xviii. ENVIRONMENTAL MEDIA + ELECTRONIC COMMUNICATION
A number of respondents cited Gardening Australia as affecting change in the community toward sustainable, self sufficiency gardening. The Gardening Australia expo, and two key speeches by Peter Cundall and Jane Edmunson (FGA forum) provided illustrative evidence of this educational drive.
The ABC Network’s Gardening Australia provides substantial information on both sustainable gardening and self sufficient gardening, through television, print, radio and the internet. It also publishes an organic gardening magazine. This acts as an alternative to garden industry based commercial media programs.
It is clear that with these garden experts on side, a lot of people not as touched by movements like permaculture, are gaining easy access to the same kinds of principles. In recent times, Gardening Australia has increasingly documented the broader influences that are covered in this research.
Garden radio programs are also a traditional source of information offered to the community, and provide invaluable garden advice. This is particularly important to the broader community. With radio, access for all is within reach. Community radio stations also offer garden shows. Anne Bishop from Prahran Garden Club, interviewed for this research, participates in the 3CR Garden Show hosted by Pam Vardy, co-author of “Community Gardens – A Celebration of the People, Places and Recipes’.
Earth Garden and other permaculture magazines are also widely circulating and give the general public much practical advice. Karen Sandow said: “We try not to preach to the converted. We try to get the mainstream involved that haven’t heard of self sufficiency through our magazine.”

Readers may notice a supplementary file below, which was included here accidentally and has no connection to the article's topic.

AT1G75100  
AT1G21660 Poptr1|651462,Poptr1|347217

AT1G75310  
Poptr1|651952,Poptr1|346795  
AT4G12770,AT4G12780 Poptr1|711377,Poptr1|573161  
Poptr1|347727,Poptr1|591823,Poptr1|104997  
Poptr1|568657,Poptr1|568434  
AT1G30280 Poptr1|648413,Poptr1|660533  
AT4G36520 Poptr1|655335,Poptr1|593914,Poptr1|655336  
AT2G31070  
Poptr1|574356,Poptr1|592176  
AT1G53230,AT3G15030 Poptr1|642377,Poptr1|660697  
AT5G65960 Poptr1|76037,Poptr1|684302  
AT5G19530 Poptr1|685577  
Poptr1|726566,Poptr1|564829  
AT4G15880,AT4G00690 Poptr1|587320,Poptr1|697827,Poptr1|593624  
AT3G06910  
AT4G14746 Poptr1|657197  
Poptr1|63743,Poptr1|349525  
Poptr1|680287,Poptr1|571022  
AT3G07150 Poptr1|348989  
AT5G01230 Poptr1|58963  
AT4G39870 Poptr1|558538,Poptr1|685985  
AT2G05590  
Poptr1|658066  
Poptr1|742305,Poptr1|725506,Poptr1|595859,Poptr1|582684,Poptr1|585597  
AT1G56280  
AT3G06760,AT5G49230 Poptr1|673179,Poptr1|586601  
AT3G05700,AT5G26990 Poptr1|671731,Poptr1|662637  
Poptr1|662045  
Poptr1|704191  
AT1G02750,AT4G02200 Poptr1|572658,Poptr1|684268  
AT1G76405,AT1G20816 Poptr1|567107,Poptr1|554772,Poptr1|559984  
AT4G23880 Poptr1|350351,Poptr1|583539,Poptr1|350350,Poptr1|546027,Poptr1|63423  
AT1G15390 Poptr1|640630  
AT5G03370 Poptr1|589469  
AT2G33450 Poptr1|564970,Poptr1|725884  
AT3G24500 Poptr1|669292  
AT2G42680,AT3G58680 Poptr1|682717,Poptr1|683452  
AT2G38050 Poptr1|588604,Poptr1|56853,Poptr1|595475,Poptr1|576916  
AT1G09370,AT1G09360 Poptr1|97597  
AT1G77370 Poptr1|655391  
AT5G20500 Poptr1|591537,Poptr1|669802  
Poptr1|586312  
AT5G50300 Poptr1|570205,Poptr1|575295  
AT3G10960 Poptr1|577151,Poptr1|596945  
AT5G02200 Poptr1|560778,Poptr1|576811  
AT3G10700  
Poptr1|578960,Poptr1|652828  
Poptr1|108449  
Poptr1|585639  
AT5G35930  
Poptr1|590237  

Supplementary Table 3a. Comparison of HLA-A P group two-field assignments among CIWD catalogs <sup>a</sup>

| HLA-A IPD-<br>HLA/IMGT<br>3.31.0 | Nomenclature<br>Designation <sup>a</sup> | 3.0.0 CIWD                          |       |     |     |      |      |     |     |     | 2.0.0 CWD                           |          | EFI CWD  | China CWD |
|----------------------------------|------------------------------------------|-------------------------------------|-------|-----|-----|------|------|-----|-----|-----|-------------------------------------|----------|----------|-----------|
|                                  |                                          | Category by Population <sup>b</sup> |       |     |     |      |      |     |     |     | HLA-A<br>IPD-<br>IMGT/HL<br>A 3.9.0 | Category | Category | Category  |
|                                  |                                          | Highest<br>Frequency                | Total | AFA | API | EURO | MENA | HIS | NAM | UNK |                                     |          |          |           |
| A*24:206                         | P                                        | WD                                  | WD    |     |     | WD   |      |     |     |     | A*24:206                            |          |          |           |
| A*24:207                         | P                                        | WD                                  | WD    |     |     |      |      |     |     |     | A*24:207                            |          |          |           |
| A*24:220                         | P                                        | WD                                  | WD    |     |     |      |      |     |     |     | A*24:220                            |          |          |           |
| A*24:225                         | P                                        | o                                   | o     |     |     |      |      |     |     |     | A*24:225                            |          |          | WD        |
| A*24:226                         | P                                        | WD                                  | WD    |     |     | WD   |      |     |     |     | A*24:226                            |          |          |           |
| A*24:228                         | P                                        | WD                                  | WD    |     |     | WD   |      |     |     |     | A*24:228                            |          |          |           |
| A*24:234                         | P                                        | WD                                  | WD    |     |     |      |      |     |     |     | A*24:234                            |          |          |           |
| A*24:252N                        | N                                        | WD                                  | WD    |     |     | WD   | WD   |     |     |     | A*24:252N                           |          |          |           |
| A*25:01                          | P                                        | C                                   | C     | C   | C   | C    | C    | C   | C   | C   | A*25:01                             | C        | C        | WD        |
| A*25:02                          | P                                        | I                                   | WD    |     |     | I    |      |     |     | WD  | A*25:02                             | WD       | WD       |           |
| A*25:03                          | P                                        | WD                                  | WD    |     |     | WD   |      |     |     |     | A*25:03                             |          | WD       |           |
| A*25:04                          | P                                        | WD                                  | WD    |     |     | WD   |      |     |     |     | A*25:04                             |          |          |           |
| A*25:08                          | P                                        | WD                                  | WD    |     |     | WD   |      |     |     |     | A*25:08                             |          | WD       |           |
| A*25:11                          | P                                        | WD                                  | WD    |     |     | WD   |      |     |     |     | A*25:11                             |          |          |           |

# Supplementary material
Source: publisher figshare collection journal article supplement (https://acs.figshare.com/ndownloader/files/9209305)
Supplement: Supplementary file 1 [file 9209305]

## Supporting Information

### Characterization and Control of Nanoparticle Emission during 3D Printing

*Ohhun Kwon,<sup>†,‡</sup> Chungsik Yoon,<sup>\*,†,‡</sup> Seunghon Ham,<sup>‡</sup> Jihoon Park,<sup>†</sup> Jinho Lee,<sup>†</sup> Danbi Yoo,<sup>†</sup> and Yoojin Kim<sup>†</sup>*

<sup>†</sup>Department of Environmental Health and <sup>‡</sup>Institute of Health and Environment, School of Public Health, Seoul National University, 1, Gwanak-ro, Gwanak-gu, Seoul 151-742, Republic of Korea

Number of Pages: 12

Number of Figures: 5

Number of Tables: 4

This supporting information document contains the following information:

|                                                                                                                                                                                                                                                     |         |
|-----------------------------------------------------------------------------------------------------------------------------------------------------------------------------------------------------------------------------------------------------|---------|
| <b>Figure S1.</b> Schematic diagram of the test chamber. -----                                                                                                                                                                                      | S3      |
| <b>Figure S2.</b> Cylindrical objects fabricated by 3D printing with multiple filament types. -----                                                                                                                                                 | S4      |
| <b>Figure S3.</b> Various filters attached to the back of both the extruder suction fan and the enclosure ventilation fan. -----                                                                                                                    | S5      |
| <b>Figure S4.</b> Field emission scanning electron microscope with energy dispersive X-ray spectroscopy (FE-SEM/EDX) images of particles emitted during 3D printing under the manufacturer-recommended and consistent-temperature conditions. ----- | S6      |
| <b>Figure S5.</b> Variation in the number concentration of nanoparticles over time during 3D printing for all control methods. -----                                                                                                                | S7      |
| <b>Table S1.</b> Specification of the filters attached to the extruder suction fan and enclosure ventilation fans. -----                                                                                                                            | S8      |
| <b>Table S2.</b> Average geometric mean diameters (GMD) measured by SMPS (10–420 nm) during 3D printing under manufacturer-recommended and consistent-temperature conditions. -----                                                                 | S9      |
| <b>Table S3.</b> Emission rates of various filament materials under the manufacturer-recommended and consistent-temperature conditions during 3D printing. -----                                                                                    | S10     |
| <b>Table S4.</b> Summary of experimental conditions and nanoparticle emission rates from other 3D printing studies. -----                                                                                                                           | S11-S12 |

There was some consideration included for internet networks and resources in this research. However it is drawn more from its use as a data collection method than a subject of study. The internet offers an electronic web of garden information that is staggering. Investigating internet sources could be a large investigation of its own.
In regard to this research’s question, those who have internet literacy and access are able to surf an amazing array of gardens on the internet. The advice in on a global scale, and there is significant support based in Melbourne for sustainable, self sufficient gardening.
However, many older members of the Ivanhoe Garden Club were found to not use the internet. More broadly, economic conditions may be expected to affect internet affordability for those on low incomes.
The internet was used as a research tool, through secondary community literature, as well as responses elicited through email contact. The internet did allow this research project to widen its geographical scope, and has gained invaluable information via email from suburbs in the outer east and outer south-east, the west, the urban fringe, and a few outliers in a spirit of bioregional interconnectiveness.
As such, although personal interviews, site visits and observation were all significant, the breadth of this report in a short timescale was aided and abetted by the internet. Interestingly, Google web searches for “community garden” and “urban farm” pulled up completely different garden examples in Melbourne.
Communal garden spaces are not as easy to find on the internet, although networks like the Australian City Farms and Community Gardens Network offers an invaluable internet resource for this purpose. A majority, though not exhaustive amount of community directories from council websites were scrawled through and provided many of the community garden discoveries during the research process.
Email was seen as being logistically easier for research consent purposes, than phone interviews, though some respondents preferred and responded via phone. This could be seen as a limitation of this research, though site visits and email were more than effective in gaining primary data in the study’s timeframe. Web forums were abandoned as the least effective data collection method early on.